27
May

Fashionable Medicine   by Regina Scott

Regina Scott, whose latest print book is The Husband Campaign, shares with us some fads in medicine which held sway during the Regency. As she points out, the more things change, the more they seem to stay the same. Regina’s article makes an interesting follow-up to Angelyn Schmid’s article on Sir Henry Halford, a fashionable Regency doctor, posted last week.

After reading this article, do you think you prefer medical fads from the Regency or those from modern times?


*         *        *

South Beach Diet. 30-minute workouts. Eat more vegetables. Drink 8 glasses of water a day. There’s always some new wisdom on the best way to stay healthy.

It’s nothing new.

Painting of a lady holding a baby on a pillow on her lap while she feeds it.

In the nineteenth century, a number of advances in medicine were made, including vaccinations, x-rays, and even washing hands before surgery! But among the general population, medicinal cures changed as quickly as the fashions.

According to La Belle Assemblee, in February 1807, somewhat facetiously: "It would be a mark of extreme vulgarity to make use of a medicine which is out of fashion; and those who have had the misfortune to commit such an error, may, indeed, congratulate themselves on their cure, but they must not boast of it."

Some of the fads said to cure all ills included:

  • Hot baths
  • Cold baths
  • Bleeding
  • Wine
  • Purgatives
  • Emetics
  • Electricity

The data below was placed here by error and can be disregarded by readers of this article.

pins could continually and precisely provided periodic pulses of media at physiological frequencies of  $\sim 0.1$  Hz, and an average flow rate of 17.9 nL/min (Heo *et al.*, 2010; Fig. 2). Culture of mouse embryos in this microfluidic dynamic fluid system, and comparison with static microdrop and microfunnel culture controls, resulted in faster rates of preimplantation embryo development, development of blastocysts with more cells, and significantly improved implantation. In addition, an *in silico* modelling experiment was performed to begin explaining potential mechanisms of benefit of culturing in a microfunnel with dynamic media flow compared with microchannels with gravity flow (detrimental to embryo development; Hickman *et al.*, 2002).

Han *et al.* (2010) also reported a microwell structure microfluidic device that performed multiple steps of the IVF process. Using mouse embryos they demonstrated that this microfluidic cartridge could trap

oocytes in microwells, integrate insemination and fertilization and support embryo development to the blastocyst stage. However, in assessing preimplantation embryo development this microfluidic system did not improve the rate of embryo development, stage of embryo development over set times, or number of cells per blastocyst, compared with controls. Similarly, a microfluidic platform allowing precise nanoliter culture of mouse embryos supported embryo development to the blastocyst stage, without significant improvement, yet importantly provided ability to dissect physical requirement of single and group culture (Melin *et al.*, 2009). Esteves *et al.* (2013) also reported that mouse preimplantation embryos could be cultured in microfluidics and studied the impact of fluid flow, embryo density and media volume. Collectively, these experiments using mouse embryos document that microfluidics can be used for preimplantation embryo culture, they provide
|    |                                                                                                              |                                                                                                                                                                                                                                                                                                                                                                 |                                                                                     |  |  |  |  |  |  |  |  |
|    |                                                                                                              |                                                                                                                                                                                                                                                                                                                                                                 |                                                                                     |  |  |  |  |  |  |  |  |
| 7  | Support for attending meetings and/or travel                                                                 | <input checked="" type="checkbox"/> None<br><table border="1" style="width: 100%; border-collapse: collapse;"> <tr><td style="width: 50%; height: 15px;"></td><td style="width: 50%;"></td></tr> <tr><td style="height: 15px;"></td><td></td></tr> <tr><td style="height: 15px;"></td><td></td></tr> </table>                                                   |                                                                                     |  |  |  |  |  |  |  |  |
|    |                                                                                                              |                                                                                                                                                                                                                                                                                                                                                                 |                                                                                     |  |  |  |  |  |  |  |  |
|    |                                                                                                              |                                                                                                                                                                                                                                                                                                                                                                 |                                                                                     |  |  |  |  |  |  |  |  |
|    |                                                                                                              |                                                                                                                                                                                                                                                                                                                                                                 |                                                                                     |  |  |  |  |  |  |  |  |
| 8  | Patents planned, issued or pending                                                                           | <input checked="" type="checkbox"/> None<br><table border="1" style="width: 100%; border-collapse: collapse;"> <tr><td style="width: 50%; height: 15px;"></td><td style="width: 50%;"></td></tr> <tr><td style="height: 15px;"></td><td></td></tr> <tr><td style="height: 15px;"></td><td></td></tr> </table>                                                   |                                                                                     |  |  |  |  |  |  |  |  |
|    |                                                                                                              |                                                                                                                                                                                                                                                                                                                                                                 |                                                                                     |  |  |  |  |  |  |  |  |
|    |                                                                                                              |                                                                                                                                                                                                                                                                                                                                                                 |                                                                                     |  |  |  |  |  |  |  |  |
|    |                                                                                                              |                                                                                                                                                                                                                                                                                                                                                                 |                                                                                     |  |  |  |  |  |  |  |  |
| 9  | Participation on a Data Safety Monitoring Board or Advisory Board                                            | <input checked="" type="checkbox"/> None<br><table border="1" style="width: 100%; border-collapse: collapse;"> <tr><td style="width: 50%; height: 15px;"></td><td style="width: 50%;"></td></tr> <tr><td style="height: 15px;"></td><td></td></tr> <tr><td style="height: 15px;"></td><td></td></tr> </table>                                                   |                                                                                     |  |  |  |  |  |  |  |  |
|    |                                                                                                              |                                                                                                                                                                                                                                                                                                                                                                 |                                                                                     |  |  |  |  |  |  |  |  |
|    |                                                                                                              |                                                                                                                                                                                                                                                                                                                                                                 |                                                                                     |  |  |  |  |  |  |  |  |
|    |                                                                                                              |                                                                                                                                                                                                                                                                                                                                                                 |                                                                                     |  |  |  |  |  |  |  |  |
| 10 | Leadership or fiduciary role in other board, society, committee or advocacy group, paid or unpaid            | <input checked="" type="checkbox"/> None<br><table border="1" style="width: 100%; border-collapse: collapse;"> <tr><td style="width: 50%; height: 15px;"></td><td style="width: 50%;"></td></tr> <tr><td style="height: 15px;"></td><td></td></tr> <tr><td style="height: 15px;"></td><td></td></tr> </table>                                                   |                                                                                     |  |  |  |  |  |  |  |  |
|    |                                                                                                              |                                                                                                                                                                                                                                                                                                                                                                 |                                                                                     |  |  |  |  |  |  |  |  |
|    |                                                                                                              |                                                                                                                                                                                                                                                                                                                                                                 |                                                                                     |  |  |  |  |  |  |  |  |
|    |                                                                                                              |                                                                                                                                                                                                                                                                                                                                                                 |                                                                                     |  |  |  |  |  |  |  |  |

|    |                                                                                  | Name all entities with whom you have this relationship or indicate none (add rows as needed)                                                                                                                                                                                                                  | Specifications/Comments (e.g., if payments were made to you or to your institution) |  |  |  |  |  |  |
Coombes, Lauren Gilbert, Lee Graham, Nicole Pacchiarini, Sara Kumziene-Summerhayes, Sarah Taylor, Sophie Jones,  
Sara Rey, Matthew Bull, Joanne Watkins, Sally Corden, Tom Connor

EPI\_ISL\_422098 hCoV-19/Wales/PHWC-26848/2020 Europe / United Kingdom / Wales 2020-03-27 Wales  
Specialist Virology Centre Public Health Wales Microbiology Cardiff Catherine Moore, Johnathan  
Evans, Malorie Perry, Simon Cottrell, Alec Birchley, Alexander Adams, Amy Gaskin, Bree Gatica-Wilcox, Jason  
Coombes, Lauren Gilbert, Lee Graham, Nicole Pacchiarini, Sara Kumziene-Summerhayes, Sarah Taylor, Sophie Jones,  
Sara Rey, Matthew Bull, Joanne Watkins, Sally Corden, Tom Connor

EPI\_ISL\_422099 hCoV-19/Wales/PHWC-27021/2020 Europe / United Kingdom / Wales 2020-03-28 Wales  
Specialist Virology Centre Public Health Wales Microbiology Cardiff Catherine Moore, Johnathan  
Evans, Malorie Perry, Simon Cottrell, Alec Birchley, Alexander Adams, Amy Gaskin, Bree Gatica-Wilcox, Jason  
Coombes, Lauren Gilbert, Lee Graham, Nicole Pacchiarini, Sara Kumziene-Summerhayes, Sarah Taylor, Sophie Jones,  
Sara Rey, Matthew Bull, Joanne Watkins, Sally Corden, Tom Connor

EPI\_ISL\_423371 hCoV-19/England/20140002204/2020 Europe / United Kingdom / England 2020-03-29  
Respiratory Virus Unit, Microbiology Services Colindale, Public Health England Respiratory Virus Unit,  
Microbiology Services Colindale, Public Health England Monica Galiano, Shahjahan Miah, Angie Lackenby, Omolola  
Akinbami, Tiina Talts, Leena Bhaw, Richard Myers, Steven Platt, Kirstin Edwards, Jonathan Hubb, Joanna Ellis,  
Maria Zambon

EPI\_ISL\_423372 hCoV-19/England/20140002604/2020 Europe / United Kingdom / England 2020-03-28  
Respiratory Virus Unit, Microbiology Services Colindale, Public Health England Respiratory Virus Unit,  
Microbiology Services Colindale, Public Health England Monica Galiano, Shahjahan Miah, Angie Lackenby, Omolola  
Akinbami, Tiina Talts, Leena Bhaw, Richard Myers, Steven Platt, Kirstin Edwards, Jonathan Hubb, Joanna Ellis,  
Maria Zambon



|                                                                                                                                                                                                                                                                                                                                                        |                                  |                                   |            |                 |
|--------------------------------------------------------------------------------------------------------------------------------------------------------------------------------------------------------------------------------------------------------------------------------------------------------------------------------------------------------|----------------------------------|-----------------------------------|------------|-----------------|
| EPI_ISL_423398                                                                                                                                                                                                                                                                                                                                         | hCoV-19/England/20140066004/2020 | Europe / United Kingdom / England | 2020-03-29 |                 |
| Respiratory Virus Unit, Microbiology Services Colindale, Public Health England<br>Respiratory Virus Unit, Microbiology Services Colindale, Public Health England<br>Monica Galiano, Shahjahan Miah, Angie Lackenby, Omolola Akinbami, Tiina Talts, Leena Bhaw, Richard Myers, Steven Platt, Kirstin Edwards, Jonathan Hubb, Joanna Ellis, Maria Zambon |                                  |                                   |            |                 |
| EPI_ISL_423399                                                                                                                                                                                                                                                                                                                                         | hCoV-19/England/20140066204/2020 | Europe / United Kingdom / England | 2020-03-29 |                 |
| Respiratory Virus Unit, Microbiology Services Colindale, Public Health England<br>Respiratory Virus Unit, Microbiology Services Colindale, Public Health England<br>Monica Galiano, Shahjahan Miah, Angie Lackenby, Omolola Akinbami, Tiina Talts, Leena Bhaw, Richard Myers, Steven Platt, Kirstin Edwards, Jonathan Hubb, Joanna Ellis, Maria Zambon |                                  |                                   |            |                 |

• Magnetism
  • Galvanism
  • Bark
  • Indian Chestnuts
  • Phosphorus
  • Ice
  • Gelatin

And 48 glasses of water a day!

Did we mention that for a good part of the century, most people didn’t have indoor plumbing? I don’t want to know where those 48 glasses of water came from.

Or where they went.

But God bless the Denver Airport for putting in WiFi! Otherwise, you wouldn’t be reading this (she said as she waited 8 hours after missing a flight home). Where’s that carriage and four when you need them!

© 2008 – 2014 Regina Scott
Originally posted at Nineteen Teen
Posted at The Beau Monde by permission of the author.

1 Comment:

Harriett Beecher Stowe, the author of Uncle Tom’s Cabin, was treated with “blue pills” a popular remedy of her time. They were actually mercury and the effect on her health was so bad she nearly lost her vision and control of her hands. It was the “water cure” that saved her. Another health fad, which had her soaking in the springs of Saratoga. Treatments included cold enemas and having her limbs wrapped in wet sheets until boils formed–proof that the cure was moving toxins to the surface instead of proof that the sheets were sour with bacteria. However, the water cure saved her life, allowing her to write one of the most important books in American history.

May 27, 2014 at 3:08 pm Elf Ahearn reply
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